Plumas County

Biographies


 

Robert M. Blakemore

 

Among the thousands whom the golden magnet drew to this coast, none had more true nobility of character than Blakemore. He was a Virginian by birth, received a fair English education in his native state, and in the company of B. F. Washington and J. E. N. Lewis, came to this state in 1849. He was unsuccessful in mining, and began packing goods to the northern mines. In 1855 he formed a partnership with Richard Irwin, and purchased the mercantile establishment of Clark, Wagner, & Co., on Rich bar, east branch of Feather. While in business here, one of his former schoolmates came from Nevada, took sick, and died. Blakemore was very much attached to his friend, and after the burial, took a mule and went eight miles up the river, where he quarried out several slabs of slate. These he packed back, and with chisels made by the village blacksmith of the period, he worked out a tombstone to mark the last resting place of the deceased. Three weeks were consumed in this part of the work. The slabs were carefully bolted together with iron bolts, and on the face was inscribed, “Edward Davis, of Jefferson Co., Va.” Around the grave Blakemore constructed a stone wall and wood palings before the last offices prompted by friendship were completed. Some years later a stone-cutter came along that way, and remarked to his friends, “Boys, the man is a master of his art.” Blakemore went back to Virginia in 1865. Upon his departure, he gave all his business interests to his partner, instead of selling out. In 1866 he was in New Orleans in business, when he took the yellow fever and died.

 

SOURCE:  Illustrated History of Plumas, Lassen & Sierra Counties, with California from 1513 to 1850. –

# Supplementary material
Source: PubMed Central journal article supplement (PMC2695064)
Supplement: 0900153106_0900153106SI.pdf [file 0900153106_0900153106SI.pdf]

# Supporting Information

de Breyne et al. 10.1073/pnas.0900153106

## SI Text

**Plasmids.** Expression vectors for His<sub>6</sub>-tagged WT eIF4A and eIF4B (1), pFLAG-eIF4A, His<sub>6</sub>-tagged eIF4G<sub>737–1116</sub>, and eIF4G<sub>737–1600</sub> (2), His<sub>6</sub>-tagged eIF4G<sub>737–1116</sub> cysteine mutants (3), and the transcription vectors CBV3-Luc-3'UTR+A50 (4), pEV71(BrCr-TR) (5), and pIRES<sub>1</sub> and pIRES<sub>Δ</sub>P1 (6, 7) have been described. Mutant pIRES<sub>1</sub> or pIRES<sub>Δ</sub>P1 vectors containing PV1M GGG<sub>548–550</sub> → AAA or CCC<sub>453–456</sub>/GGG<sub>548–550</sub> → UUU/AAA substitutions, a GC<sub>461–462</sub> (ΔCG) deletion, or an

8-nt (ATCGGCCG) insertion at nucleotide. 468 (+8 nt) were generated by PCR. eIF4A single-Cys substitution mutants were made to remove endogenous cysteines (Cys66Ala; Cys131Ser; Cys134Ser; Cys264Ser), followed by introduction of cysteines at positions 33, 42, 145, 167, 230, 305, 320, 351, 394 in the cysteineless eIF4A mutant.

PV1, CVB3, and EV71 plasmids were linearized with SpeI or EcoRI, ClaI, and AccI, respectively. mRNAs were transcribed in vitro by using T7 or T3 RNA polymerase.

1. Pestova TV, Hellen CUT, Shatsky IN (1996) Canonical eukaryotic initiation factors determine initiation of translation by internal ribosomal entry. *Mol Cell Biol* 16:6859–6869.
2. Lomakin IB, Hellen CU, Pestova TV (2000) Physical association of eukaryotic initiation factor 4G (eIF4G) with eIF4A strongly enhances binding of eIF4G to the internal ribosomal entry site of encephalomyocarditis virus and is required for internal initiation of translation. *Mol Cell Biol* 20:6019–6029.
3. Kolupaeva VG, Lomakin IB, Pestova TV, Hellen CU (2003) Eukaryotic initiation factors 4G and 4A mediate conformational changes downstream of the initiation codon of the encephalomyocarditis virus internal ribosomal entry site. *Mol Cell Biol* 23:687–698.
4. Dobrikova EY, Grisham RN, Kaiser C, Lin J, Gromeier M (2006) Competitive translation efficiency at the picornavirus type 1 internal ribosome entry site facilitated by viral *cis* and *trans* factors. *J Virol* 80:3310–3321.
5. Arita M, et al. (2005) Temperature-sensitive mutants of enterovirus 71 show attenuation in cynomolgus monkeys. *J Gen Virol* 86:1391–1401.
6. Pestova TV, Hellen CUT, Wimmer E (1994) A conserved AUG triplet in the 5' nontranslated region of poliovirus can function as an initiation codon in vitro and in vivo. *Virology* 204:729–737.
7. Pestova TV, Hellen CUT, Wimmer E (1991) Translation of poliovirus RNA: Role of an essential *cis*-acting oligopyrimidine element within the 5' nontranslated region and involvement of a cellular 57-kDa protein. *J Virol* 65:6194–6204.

Fariss and Smith, San Francisco,  1882. p 250

Transcribed by Craig Hahn, Dec. 2004

 


 

Thomas Hughes

 

Mr. Hughes is the son of Richard and Mary (Jones) Hughes, and was born in Wales, May 13, 1830. In his boyhood he followed gardening, and the age of seventeen emigrated to the United States and settled at East Dennis, Massachusetts, on Cape Cod. There he lived until 1854, when he came to San Francisco, and engaged in gardening in what is now the heart of the city. In 1855 he was mining on Rush creek. In 1857 he mined at Soda bar, on the east branch, and also opened a store and public house, which he kept until 1868. In the autumn of 1869 he purchased from M. D. Smith the Meadow valley hotel and ranch of 320 acres on which he now resides. Mr. Hughes is now in the dairying business, has thirty cows, and makes 3,000 pounds of butter annually. He is the postmaster at Meadow valley. Mr. Hughes was married April 24, 1854, to Elizabeth Pary, by whom he had two children; viz., Brainard B., born November 18, 1857; Mary L., born August 18, 1859 at Soda bar, now the wife of E. E. Philips of Meadow valley, and mother of one child, Verbenia, born March 6, 1881. Mr. Hughes is a member of Quincy Lodge No. 88, I. O. O. F. He comes of a long-lived family, and will doubtless live to a good old age.

 

SOURCE:  Illustrated History of Plumas, Lassen & Sierra Counties, with California from 1513 to 1850. –
 Fariss and Smith, San Francisco,  1882. p 252-253

Transcribed by Craig Hahn, Dec. 2004

 


 

W. M. Pratt

 

He was born in Wayne county, New York, and removed to Plumas county, California, in 1875. For some years he has been in the employ of Plumas Eureka mine, working in the Mohawk mill. Mr. Pratt is a member of Mohawk Lodge No. 292, I. O. O. F.

 

SOURCE:  Illustrated History of Plumas, Lassen & Sierra Counties, with California from 1513 to 1850. –
 Fariss and Smith, San Francisco,  1882. p 246

Transcribed by Craig Hahn, Dec. 2004

 


 

William Elwell

 

This gentleman is a son of Joseph M. and Susan Elwell, and was born in the city of Philadelphia January 28, 1821. When about 22 years of age he removed to Louisiana, and in May, 1850, to California; and has been engaged in mining ever since. For a number of years he was superintendent of the 76 mine, now the Plumas. He, in company with J. W. Hill, owns the Squirrel creek gravel-mines. He is one of about sixteen veterans of the Mexican war now residing in Plumas county. Mr. Elwell is a member of Hope Masonic Lodge No. 294, at Beckwourth; also a Royal Arch Mason, and a life member of the council at Marysville.

 

SOURCE:  Illustrated History of Plumas, Lassen & Sierra Counties, with California from 1513 to 1850. –
 Fariss and Smith, San Francisco,  1882. p 245

Transcribed by Craig Hahn, Dec. 2004

 


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